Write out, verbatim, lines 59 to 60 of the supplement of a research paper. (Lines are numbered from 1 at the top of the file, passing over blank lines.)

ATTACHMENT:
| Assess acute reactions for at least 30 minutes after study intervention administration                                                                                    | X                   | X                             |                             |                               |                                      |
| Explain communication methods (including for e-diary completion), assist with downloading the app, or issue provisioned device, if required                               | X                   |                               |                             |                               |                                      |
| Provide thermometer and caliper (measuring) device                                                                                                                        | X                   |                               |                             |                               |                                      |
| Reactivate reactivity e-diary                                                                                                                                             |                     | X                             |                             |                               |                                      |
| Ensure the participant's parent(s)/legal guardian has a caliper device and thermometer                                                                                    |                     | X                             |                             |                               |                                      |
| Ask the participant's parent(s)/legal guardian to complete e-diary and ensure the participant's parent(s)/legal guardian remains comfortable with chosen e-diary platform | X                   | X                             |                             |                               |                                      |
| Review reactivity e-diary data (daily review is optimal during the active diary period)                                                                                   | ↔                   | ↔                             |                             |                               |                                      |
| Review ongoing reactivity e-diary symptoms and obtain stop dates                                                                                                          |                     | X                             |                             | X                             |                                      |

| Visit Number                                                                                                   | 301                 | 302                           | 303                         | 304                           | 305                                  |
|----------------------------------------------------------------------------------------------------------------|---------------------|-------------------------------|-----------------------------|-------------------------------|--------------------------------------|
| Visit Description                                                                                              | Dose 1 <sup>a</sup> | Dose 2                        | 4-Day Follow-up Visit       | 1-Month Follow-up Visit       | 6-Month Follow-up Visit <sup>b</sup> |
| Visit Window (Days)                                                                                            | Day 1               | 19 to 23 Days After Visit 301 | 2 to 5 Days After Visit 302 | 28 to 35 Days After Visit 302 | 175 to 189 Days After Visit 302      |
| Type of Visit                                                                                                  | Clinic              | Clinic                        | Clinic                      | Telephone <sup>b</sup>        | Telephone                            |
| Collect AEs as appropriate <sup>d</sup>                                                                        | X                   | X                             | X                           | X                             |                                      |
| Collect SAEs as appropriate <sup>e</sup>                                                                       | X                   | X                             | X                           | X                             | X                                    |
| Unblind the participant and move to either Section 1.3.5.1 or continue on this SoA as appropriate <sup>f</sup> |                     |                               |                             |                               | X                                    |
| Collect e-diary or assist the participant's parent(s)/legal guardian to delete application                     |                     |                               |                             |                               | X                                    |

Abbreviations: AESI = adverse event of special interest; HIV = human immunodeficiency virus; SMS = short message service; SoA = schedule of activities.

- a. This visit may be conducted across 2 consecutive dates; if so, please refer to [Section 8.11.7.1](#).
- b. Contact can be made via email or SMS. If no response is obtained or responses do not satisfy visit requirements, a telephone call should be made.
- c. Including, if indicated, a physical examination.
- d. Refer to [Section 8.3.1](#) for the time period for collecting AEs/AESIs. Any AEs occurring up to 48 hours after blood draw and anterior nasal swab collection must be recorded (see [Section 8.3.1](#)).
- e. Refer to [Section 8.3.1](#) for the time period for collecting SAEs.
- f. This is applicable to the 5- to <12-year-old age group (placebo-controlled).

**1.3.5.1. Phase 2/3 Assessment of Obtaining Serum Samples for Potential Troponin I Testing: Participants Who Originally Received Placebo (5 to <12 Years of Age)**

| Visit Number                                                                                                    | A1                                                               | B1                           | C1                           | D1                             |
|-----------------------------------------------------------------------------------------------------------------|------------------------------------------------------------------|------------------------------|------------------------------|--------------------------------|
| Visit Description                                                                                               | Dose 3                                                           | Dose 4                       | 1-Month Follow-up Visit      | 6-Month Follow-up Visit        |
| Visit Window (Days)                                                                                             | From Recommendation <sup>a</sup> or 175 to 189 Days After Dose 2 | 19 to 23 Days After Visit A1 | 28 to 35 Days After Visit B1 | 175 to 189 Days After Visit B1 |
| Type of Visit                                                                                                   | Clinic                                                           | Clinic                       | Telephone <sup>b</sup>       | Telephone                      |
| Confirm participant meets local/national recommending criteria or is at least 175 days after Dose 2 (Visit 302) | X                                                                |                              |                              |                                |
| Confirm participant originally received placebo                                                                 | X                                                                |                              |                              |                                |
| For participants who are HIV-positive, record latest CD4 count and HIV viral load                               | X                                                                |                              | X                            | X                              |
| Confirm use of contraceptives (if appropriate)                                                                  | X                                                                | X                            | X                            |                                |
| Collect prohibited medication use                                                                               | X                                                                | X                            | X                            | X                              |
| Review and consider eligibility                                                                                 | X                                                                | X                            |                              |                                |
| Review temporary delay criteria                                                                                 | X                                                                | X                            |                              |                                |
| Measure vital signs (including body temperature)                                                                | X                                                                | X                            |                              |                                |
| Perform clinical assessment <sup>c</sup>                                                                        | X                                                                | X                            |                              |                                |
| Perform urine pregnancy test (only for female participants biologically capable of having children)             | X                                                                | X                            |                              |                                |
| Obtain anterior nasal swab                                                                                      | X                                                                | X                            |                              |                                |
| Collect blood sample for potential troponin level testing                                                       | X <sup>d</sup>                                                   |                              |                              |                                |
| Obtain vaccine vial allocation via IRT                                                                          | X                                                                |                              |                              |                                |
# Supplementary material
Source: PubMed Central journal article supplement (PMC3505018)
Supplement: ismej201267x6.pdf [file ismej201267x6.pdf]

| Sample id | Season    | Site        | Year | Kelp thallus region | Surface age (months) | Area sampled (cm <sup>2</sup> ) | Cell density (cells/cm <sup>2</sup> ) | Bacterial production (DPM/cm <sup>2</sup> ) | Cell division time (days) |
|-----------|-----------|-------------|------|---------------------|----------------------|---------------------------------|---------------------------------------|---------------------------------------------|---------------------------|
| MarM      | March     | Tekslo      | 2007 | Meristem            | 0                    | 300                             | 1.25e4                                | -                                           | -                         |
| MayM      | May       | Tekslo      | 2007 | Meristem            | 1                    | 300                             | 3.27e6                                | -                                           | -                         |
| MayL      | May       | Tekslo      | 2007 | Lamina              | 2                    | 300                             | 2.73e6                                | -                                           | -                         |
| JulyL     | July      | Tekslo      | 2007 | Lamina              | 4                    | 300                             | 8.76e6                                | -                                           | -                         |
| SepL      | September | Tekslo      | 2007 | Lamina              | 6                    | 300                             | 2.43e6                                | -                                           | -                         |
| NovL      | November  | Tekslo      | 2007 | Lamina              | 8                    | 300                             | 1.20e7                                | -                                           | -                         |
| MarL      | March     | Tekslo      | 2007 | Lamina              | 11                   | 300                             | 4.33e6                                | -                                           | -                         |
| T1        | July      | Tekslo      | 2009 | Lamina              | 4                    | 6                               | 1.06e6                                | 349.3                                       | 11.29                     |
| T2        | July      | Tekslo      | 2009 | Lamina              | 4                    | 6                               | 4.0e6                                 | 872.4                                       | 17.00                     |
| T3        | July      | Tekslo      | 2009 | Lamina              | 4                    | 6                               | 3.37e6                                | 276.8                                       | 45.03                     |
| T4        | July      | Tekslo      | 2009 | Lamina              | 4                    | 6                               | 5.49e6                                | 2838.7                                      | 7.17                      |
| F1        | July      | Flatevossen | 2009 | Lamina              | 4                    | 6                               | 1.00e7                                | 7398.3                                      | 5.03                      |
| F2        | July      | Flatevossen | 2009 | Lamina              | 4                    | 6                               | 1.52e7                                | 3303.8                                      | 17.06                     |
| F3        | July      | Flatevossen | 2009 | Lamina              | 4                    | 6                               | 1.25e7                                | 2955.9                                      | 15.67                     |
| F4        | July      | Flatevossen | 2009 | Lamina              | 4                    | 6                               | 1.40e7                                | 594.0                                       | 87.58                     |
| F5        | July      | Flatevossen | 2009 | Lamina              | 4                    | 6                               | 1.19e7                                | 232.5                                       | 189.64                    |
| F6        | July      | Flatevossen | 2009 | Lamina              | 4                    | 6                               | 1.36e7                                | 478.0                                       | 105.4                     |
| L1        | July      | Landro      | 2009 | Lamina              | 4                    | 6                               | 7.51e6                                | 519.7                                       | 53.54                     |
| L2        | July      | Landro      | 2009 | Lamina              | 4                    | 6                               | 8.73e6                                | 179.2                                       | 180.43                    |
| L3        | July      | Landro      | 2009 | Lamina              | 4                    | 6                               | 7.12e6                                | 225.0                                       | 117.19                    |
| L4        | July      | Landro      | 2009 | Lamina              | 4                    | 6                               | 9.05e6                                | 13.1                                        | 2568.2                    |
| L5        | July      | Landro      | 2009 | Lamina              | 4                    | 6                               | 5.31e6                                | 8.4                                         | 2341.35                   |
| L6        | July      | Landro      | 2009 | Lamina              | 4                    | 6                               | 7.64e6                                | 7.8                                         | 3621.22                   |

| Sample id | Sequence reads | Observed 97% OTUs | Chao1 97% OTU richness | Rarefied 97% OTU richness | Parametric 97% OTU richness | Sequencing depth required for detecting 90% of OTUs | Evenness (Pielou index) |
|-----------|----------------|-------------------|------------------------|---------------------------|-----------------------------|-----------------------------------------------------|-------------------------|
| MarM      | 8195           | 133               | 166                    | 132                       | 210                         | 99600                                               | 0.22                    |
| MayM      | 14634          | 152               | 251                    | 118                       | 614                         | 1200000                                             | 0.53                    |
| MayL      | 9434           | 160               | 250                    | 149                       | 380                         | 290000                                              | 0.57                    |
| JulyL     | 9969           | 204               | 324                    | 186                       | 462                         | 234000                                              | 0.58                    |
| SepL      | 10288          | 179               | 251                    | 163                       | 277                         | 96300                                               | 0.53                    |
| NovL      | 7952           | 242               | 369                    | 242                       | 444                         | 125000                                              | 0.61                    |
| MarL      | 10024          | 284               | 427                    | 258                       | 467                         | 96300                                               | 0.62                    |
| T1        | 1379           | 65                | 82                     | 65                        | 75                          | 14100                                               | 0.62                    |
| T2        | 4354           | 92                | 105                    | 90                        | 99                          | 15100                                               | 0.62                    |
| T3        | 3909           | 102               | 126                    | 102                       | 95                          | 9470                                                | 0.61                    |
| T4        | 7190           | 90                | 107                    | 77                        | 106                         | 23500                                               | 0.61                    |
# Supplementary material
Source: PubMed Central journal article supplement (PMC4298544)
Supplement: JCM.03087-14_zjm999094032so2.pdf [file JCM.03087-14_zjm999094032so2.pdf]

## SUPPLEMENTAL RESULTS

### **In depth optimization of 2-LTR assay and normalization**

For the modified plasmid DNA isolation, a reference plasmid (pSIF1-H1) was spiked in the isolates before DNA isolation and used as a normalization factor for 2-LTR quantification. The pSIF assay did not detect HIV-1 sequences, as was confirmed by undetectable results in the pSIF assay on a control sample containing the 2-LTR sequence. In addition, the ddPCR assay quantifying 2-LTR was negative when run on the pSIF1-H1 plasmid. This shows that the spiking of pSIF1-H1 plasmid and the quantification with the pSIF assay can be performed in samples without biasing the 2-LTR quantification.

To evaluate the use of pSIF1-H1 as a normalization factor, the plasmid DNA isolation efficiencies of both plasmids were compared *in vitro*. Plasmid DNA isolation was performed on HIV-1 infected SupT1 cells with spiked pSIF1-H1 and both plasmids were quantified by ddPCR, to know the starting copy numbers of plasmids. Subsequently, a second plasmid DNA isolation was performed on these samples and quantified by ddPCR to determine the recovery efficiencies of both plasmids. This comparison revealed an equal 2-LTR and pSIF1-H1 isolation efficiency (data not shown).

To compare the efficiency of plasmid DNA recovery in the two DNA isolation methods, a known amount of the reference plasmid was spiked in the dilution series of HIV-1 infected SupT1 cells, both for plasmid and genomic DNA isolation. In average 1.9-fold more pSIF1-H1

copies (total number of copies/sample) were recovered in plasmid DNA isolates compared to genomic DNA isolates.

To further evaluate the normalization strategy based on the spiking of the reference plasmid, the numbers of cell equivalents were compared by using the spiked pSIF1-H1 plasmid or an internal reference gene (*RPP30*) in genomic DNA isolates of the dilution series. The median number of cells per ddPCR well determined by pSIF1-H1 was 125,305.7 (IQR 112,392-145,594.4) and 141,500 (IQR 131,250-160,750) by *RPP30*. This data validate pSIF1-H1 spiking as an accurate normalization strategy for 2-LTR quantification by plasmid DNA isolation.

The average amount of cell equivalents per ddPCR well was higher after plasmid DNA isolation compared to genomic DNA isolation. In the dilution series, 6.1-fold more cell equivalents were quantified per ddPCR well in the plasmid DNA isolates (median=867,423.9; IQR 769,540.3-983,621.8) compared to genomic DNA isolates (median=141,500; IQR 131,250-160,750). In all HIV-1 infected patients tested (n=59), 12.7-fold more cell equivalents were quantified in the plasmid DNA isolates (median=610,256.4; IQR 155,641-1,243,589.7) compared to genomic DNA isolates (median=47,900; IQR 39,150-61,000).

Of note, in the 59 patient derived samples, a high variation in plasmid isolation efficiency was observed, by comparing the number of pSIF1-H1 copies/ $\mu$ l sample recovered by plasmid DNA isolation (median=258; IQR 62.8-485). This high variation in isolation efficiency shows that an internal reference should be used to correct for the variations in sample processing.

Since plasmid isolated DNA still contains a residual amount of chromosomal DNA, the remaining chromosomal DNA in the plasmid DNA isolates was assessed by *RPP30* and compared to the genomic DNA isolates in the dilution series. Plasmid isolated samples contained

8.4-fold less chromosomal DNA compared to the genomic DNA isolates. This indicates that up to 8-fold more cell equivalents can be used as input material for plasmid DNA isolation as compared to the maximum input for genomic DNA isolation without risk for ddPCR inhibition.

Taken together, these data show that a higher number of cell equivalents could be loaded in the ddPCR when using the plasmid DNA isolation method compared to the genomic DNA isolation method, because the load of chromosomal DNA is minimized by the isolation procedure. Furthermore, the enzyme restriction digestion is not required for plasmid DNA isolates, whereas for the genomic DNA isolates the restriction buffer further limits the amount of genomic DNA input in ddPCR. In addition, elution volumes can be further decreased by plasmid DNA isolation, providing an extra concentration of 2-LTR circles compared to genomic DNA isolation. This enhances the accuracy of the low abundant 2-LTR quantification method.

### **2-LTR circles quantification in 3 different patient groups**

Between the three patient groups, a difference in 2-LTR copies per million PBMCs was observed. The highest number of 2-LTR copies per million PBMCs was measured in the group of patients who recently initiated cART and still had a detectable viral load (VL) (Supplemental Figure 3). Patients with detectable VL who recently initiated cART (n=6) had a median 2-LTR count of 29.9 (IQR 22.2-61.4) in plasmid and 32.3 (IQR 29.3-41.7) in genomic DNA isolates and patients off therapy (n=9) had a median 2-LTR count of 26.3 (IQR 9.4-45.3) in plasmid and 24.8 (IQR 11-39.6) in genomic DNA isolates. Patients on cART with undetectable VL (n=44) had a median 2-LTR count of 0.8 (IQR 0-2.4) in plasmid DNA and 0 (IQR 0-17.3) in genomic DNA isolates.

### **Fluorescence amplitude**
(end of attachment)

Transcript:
| T4        | July      | Tekslo      | 2009 | Lamina              | 4                    | 6                               | 5.49e6                                | 2838.7                                      | 7.17                      |
| F1        | July      | Flatevossen | 2009 | Lamina              | 4                    | 6                               | 1.00e7                                | 7398.3                                      | 5.03                      |